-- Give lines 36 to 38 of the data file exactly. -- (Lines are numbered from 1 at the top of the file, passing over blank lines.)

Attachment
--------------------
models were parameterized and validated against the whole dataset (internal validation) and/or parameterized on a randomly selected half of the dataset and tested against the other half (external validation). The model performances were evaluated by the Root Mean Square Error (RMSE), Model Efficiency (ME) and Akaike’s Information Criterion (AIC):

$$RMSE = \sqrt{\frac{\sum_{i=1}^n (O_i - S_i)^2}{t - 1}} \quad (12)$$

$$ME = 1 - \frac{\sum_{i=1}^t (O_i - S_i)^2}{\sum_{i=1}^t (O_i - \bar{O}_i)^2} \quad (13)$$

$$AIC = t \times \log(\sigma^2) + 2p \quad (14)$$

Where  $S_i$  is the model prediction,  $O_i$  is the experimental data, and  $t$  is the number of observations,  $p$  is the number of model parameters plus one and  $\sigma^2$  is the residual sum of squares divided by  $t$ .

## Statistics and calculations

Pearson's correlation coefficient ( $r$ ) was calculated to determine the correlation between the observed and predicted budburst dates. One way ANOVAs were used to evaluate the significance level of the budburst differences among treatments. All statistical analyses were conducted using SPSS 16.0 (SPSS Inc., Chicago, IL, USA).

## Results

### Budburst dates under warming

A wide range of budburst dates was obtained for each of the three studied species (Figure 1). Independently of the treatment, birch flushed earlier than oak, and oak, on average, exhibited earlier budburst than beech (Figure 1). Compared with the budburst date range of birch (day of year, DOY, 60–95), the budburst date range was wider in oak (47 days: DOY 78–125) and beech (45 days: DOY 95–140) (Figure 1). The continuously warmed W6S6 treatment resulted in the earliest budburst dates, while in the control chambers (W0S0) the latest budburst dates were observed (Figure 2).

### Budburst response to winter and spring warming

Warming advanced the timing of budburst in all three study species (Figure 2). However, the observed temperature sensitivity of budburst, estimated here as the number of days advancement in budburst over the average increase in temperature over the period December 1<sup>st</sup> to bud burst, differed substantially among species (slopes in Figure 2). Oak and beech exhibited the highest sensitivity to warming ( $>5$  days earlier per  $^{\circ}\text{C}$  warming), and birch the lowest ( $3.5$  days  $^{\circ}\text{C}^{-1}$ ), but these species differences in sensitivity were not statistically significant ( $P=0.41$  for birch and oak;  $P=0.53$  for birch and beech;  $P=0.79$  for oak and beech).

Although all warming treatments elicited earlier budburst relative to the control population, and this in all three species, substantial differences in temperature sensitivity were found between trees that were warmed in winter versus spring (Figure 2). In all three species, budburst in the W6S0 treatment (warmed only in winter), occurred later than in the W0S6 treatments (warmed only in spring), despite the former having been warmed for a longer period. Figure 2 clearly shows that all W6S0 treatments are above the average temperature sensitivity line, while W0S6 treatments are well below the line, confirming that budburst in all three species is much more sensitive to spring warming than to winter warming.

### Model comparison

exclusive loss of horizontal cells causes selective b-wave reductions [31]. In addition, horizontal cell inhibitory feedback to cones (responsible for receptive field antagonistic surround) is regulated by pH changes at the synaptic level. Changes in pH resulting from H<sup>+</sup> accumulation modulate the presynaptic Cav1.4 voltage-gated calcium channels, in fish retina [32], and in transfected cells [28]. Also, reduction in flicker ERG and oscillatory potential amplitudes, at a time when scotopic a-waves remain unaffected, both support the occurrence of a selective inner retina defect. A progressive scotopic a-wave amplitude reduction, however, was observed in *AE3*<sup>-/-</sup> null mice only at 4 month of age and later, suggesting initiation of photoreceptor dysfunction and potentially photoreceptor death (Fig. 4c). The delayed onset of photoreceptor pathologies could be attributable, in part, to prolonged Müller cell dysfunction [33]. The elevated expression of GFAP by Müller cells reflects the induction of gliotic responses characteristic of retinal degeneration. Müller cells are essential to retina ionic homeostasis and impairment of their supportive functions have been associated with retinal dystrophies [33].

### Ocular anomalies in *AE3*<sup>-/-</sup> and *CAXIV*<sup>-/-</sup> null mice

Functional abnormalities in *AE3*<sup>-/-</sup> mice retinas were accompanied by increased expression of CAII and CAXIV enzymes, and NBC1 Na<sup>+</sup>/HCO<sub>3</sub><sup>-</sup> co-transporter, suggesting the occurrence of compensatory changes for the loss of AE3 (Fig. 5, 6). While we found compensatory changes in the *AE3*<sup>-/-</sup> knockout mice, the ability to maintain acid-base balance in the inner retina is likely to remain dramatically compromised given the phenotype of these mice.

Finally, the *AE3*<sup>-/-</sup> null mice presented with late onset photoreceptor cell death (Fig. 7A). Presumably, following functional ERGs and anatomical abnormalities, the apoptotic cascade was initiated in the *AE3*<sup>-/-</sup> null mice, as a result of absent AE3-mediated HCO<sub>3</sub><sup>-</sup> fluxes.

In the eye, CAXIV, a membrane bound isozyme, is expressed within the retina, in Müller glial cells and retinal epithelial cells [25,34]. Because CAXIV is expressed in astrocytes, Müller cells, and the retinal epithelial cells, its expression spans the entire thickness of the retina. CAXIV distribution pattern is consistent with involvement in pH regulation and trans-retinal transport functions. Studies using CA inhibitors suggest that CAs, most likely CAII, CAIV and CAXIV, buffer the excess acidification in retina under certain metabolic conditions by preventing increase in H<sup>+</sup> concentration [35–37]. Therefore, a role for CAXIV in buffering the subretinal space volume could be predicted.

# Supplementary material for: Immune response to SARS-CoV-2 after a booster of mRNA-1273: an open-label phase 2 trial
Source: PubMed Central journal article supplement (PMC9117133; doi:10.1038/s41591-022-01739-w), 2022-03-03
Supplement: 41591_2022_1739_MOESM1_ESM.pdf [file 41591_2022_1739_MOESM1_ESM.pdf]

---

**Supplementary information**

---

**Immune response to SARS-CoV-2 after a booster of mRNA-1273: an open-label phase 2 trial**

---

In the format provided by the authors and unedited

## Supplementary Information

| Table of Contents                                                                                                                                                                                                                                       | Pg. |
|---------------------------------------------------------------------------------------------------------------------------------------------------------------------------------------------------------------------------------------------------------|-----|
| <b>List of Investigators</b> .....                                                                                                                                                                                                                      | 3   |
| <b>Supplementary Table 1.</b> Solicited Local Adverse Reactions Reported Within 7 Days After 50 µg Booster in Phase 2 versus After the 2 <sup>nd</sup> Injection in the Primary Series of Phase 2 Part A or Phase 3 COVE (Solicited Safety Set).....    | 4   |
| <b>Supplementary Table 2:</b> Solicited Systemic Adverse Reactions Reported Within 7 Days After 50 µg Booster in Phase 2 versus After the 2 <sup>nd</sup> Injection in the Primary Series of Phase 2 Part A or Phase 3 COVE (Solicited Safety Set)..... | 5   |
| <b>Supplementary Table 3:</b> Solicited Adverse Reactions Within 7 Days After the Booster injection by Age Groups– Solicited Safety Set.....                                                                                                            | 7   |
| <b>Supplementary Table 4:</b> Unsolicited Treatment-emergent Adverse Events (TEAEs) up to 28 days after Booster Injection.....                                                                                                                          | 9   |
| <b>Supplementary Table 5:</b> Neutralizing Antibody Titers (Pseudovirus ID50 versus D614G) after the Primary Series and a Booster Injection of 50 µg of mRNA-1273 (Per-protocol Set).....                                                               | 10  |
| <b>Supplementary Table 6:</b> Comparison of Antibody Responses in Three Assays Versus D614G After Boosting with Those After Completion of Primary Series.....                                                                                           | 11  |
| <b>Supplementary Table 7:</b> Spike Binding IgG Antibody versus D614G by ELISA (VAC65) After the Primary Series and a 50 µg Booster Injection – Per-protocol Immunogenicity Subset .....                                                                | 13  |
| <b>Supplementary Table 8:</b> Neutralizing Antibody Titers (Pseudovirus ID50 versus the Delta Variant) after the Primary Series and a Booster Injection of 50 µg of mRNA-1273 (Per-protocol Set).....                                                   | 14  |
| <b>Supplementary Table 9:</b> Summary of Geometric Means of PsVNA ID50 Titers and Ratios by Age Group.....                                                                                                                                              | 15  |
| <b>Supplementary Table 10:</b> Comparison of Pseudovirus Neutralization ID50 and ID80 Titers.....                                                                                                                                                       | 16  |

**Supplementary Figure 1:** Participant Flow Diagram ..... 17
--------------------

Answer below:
| <b>Supplementary Table 4:</b> Unsolicited Treatment-emergent Adverse Events (TEAEs) up to 28 days after Booster Injection.....                                                                                                                          | 9   |
| <b>Supplementary Table 5:</b> Neutralizing Antibody Titers (Pseudovirus ID50 versus D614G) after the Primary Series and a Booster Injection of 50 µg of mRNA-1273 (Per-protocol Set).....                                                               | 10  |
| <b>Supplementary Table 6:</b> Comparison of Antibody Responses in Three Assays Versus D614G After Boosting with Those After Completion of Primary Series.....                                                                                           | 11  |